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Second Treatise on Civil Government PDF Free Download
An Essay Concerning the True Original, Extent and End of Civil Government
(1). That Adam had not, either by natural right of fatherhood, or by positive donation from God, any such authority over his children, or dominion over the world, as is pretended:
(2). That if he had, his heirs, yet, had no right to it:
(3). That if his heirs had, there is no law of nature nor positive law of God that determines which is the right heir in all cases that may arise, the right of succession, and consequently of bearing rule, could not have been certainly determined:
(4). That if even that had been determined, yet the knowledge of which is the eldest line of Adam’s posterity, being so long since utterly lost.
That in the races of mankind and families of the world, there remains not to one above another, the least pretense to be the eldest house and to have the right of inheritance:
All these premises having, as I think, been clearly made out, it is impossible that the rulers now on earth should make any benefit, or derive any the least shadow of authority from that.
Which is held to be the fountain of all power, Adam’s private dominion, and paternal jurisdiction; so that he that will not give just occasion to think that all government in the world is the product only of force and violence and that men live together by no other rules but that of beasts.
where the strongest carries it, and so lay a foundation for perpetual disorder and mischief, tumult, sedition, and rebellion, (things that the followers of that hypothesis so loudly cry out against)
Must of necessity find out another rise of government, another original of political power, and another way of designing and knowing the persons that have it, then what Sir Robert Filmer hath taught us.
Sect. 2. To this purpose, I think it may not be amiss, to set down what I take to be political power; that the power of a MAGISTRATE over a subject may be distinguished from that of a FATHER over his children.
A MASTER over his servant, a HUSBAND over his wife, and a LORD over his slave.
All which distinct powers happening sometimes together in the same man, if he is considered under these different relations, it may help us to distinguish these powers one from wealth, a father of a family, and a captain of a galley.
By the same reason may a man in the state of nature punish the lesser breaches of that law.
It will perhaps be demanded, with death? I answer, each transgression may be punished to that degree, and with so much severity, as will suffice to make it an ill bargain to the offender, give him cause to repent, and terrify others from doing the like.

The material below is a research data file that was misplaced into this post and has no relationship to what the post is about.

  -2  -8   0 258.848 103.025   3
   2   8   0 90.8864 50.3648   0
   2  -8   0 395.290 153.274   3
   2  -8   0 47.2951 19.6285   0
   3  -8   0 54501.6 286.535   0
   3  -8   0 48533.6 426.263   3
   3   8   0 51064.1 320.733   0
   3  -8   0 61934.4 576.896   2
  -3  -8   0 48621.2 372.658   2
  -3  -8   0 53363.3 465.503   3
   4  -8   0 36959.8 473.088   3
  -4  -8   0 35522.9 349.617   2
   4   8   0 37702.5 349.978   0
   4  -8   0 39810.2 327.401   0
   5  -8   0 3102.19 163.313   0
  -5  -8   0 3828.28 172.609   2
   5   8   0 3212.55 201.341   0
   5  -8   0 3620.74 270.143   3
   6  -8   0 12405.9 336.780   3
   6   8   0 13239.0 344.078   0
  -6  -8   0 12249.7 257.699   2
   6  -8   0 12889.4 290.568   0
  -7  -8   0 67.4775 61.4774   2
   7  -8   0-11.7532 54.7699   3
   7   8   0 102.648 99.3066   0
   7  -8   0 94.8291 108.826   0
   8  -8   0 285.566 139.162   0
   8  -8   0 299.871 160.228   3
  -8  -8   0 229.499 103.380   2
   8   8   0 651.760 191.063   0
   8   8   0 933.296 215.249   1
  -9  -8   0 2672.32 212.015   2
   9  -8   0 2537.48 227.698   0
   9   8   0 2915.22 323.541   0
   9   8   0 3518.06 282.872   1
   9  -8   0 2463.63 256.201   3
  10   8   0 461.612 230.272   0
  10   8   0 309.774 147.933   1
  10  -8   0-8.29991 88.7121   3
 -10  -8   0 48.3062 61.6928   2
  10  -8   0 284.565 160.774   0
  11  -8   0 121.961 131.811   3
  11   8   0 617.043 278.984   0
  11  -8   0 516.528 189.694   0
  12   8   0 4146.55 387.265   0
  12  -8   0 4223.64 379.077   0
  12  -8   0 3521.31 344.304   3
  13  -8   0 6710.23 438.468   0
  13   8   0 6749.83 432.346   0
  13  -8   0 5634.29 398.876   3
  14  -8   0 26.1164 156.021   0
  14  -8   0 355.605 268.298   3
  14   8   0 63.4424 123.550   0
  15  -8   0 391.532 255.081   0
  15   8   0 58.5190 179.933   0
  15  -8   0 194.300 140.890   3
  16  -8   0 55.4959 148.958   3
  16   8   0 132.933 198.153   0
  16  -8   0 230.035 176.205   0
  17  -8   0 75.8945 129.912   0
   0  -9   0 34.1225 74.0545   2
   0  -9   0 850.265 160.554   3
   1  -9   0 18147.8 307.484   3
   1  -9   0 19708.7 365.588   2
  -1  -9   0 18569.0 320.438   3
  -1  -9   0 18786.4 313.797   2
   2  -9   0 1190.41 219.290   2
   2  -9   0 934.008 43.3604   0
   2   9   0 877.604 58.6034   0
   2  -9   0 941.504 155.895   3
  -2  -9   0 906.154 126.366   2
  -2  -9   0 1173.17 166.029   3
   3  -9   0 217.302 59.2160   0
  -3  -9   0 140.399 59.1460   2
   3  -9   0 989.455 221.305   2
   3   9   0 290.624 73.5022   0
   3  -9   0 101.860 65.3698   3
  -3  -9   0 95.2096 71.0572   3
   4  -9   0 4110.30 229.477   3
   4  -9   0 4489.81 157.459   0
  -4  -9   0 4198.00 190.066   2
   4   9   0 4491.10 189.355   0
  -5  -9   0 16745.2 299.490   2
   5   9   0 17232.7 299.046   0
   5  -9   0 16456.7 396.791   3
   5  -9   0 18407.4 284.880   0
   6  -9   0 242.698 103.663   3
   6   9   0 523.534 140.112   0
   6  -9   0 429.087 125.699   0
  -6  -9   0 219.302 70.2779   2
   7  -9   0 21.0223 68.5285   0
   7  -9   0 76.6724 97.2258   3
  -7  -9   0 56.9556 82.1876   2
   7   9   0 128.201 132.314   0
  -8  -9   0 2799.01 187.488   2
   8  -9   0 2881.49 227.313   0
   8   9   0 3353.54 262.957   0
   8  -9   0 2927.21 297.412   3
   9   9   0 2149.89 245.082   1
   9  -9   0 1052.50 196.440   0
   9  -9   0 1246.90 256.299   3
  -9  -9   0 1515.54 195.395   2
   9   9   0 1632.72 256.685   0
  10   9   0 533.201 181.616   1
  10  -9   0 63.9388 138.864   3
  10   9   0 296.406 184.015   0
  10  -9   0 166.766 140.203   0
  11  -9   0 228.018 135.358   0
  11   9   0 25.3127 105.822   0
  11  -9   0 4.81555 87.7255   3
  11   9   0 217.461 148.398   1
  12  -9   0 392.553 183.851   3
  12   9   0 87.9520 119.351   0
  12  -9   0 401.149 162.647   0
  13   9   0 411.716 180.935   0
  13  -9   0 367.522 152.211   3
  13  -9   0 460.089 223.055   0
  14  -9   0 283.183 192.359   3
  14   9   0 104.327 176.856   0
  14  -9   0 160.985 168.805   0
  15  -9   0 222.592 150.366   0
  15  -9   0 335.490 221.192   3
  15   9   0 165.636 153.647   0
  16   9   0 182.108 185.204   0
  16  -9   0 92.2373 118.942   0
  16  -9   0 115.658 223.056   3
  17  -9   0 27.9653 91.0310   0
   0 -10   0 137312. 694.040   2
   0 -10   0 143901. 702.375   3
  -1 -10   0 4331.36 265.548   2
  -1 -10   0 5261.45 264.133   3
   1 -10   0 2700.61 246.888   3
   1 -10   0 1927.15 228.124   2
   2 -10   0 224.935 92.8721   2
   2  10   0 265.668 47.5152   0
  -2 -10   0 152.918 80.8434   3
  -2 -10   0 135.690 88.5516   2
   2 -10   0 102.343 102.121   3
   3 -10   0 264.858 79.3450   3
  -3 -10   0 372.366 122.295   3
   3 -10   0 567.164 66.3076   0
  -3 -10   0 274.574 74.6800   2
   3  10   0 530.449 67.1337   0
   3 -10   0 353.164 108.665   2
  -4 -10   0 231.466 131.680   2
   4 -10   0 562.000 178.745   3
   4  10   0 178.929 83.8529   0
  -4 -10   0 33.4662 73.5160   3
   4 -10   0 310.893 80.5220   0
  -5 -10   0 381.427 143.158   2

Every offence, that can be committed in the state of nature, may in the state of nature be also punished equally, and as far forth as it may, in a commonwealth: for though it would be besides my present purpose, to enter here into the particulars of the law of nature, or its measures of punishment; yet, it is certain there is such a law, and that too, as intelligible and plain to a rational creature, and a studier of that law, as the positive laws of commonwealths; nay, possibly plainer; as much as reason is easier to be understood, than the fancies and intricate contrivances of men, following contrary and hidden interests put into words; for so truly are a great part of the municipal laws of countries, which are only so far right, as they are founded on the law of nature, by which they are to be regulated and interpreted.
To this strange doctrine, viz.
That in the state of nature everyone has the executive power of the law of nature, I doubt not but it will be objected, that it is unreasonable for men to be judges in their own cases, that self-love will make men partial to themselves and their friends: and on the other side,
that ill nature, passion and revenge will carry them too far in punishing others; and hence nothing but confusion and disorder will follow, and that therefore God hath certainly appointed government to restrain the partiality and violence of men.
I easily grant, that civil government is the proper remedy for the inconveniencies of the state of nature, which must certainly be great, where men may be judges in their own case, since it is easy to be imagined, that he who was so unjust as to do his brother an injury, will scarce be so just as to condemn himself for it:
but I shall desire those who make this objection, to remember, that absolute monarchs are but men; and if government is to be the remedy of those evils, which necessarily follow from men’s being judges in their own cases, and the state of nature is therefore not to be endured,
I desire to know what kind of government that is, and how much better it is than the state of nature, where one man, commanding a multitude, has the liberty to be judge in his own case, and may do to all his subjects whatever he pleases, without the least liberty to any one to question or controul those who execute his pleasure? and in whatsoever he doth, whether led by reason, mistake or passion, must be submitted to?
much better it is in the state of nature, wherein men are not bound to submit to the unjust will of another: and if he that judges, judges amiss in his own, or any other case, he is answerable for it to the rest of mankind.
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